The 13 original colonies had their beginnings under Queen Elizabeth I and saw its first permanent settlements under King James I of England. They would begin in Jamestown and eventually spread across the entire Atlantic coast, with exception of Florida.
Each colony had its own founder and own set of ideas and each tended to be formed from outcasts in English society. The Puritans of Massachusetts Bay fled persecution, the Quakers of Pennsylvania did the same as did the Catholics of Maryland.
13 Original Colonies: Beginnings
In 1492 Christopher Columbus accidentally discovered a New World. Although he died thinking he had reached India his discovery laid the foundations for expansion in Europe.
Soon the Spanish Conquistadors and the Portuguese Explorers founded global empires for their respective countries. France and the Dutch Republic also became involved in the New World by exploring the northern part of North America while Spain focused its energy on the Spanish Main.
Although this was a time of great discovery one European power was silent.
In 1497 John Cabot sailed for the New World under the English flag. He landed on the east coast of what is now America. King Henry VII sent Cabot on a second voyage in which he never returned.
King Henry VII died 12 years later and his son King Henry VIII took control of England. Unfortunately, global expansion was not on Henry VIII’s to-do-list. Instead, he warred with France, divorced and executed wives, split from Rome, raided the monasteries, built lavish castles all over England and proceeded to die in debt despite his father leaving him a large fortune.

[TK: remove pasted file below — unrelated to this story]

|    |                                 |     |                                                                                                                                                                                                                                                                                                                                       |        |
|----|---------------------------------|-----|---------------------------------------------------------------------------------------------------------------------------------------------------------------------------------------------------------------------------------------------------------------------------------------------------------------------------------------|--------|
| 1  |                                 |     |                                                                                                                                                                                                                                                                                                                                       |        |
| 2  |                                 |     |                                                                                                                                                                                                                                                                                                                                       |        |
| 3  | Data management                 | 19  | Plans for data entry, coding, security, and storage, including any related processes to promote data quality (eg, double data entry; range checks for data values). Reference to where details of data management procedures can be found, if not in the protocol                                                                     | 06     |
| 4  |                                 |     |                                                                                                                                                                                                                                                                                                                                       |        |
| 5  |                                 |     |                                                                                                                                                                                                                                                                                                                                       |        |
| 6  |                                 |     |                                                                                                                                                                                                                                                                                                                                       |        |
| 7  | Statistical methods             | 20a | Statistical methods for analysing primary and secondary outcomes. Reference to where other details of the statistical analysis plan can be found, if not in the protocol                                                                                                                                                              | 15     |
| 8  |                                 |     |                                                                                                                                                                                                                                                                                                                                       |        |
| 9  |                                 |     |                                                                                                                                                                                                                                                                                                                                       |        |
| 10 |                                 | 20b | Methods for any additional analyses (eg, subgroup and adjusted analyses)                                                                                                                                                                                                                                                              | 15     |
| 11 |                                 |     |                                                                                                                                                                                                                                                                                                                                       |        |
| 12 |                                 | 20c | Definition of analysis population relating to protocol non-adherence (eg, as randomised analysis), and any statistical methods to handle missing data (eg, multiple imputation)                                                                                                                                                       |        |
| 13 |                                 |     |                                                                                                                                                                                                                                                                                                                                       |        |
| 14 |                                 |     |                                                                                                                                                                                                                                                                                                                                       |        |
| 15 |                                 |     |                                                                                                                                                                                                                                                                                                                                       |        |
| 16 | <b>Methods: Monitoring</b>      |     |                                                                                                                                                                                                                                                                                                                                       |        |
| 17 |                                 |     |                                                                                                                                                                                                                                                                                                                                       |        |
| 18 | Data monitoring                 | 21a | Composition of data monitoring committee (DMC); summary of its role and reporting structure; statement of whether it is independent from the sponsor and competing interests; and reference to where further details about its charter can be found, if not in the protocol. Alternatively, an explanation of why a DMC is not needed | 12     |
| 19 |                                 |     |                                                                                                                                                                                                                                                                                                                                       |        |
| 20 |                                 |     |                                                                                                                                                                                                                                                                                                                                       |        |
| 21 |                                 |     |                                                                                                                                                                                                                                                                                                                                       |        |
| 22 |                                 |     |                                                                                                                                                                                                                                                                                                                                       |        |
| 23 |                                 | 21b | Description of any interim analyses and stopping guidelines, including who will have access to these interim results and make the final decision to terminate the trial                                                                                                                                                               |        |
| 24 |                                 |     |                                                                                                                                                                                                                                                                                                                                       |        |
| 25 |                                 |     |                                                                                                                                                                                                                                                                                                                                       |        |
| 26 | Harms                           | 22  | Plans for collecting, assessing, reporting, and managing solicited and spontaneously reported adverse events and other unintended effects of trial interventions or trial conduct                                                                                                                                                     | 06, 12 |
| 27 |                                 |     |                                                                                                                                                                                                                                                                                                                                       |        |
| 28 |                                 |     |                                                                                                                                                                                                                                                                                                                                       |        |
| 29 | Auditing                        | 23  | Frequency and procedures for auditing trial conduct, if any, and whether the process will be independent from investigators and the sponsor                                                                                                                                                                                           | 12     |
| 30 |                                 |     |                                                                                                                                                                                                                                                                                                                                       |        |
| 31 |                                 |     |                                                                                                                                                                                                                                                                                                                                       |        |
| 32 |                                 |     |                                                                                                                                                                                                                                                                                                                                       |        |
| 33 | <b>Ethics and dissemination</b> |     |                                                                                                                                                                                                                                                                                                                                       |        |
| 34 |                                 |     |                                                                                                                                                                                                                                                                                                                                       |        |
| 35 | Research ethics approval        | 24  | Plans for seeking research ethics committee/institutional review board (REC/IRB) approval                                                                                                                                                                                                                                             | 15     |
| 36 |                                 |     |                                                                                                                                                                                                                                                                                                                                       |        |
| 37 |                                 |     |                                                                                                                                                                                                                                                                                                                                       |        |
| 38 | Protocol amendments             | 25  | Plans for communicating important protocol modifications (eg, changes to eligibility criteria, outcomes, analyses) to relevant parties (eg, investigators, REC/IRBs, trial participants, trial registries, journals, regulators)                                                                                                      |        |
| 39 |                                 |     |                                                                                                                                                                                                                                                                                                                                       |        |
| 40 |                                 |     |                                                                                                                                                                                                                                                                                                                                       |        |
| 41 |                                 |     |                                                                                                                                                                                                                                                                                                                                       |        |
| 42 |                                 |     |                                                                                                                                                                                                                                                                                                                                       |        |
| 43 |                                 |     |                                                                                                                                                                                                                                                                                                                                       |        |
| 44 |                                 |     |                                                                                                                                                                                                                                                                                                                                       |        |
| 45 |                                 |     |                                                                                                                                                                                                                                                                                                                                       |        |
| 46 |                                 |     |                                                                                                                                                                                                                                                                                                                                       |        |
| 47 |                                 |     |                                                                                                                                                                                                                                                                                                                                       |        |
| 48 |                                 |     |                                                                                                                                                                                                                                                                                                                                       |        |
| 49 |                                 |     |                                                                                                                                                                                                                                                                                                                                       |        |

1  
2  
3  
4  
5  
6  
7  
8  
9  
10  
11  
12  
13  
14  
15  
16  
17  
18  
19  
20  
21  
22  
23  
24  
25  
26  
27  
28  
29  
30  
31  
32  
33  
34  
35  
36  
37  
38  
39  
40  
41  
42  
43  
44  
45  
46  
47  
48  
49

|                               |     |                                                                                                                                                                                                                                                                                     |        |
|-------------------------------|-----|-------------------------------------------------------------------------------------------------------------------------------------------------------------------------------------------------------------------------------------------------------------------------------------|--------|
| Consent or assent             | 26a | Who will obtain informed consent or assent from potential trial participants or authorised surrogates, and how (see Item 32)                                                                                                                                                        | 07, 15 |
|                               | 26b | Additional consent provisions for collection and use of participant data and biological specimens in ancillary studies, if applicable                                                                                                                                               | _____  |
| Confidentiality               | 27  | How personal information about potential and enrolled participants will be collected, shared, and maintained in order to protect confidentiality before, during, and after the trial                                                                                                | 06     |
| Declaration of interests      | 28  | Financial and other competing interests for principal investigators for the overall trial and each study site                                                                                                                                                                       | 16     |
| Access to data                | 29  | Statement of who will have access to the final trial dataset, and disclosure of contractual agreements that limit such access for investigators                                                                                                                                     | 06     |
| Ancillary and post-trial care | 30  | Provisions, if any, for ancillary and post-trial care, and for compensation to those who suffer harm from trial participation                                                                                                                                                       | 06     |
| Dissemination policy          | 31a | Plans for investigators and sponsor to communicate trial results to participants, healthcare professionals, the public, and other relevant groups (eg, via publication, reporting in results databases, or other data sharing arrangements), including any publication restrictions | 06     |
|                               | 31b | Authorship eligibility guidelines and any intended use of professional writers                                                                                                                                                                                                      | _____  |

England entered a time of reform and exploration was not a top priority, but the reforms would aid in future endeavors. After the death of Henry VIII and his sickly son Edward, Queen Mary took to the throne and threw England into a dark time in their history.
She executed many protestants and had little interest in the New World. She would die after attaining the nickname “Bloody Mary” and her sister, Queen Elizabeth would come to the throne and usher in a Golden Age for a country that had been wrapped up in religious civil war for decades.
Under her, England experienced an age of Renaissance. She began to profit from the trans-Atlantic trade, the reforms put into place by Henry VII and Henry VIII began to pay dividends and the defeat of the Spanish Armada made England the most powerful nation in Europe.
Soon English authors began to press for England to expand into a global empire. Elizabeth commissioned Sir Francis Drake who would circumnavigate the world and became infamous.
She also commissioned Humphrey Gilbert to sail towards Newfoundland and Sir Walter Raleigh founded the colony of Virginia and Roanoke. Although these attempts did little to establish England as a global empire it laid the groundwork for Elizabeth’s successor, King James.
During the reign of King James England expanded its global reach and began to colonize the New World. The first permanent settlement, Jamestown was established. 15 years later the Pilgrims set sail and founded Plymouth.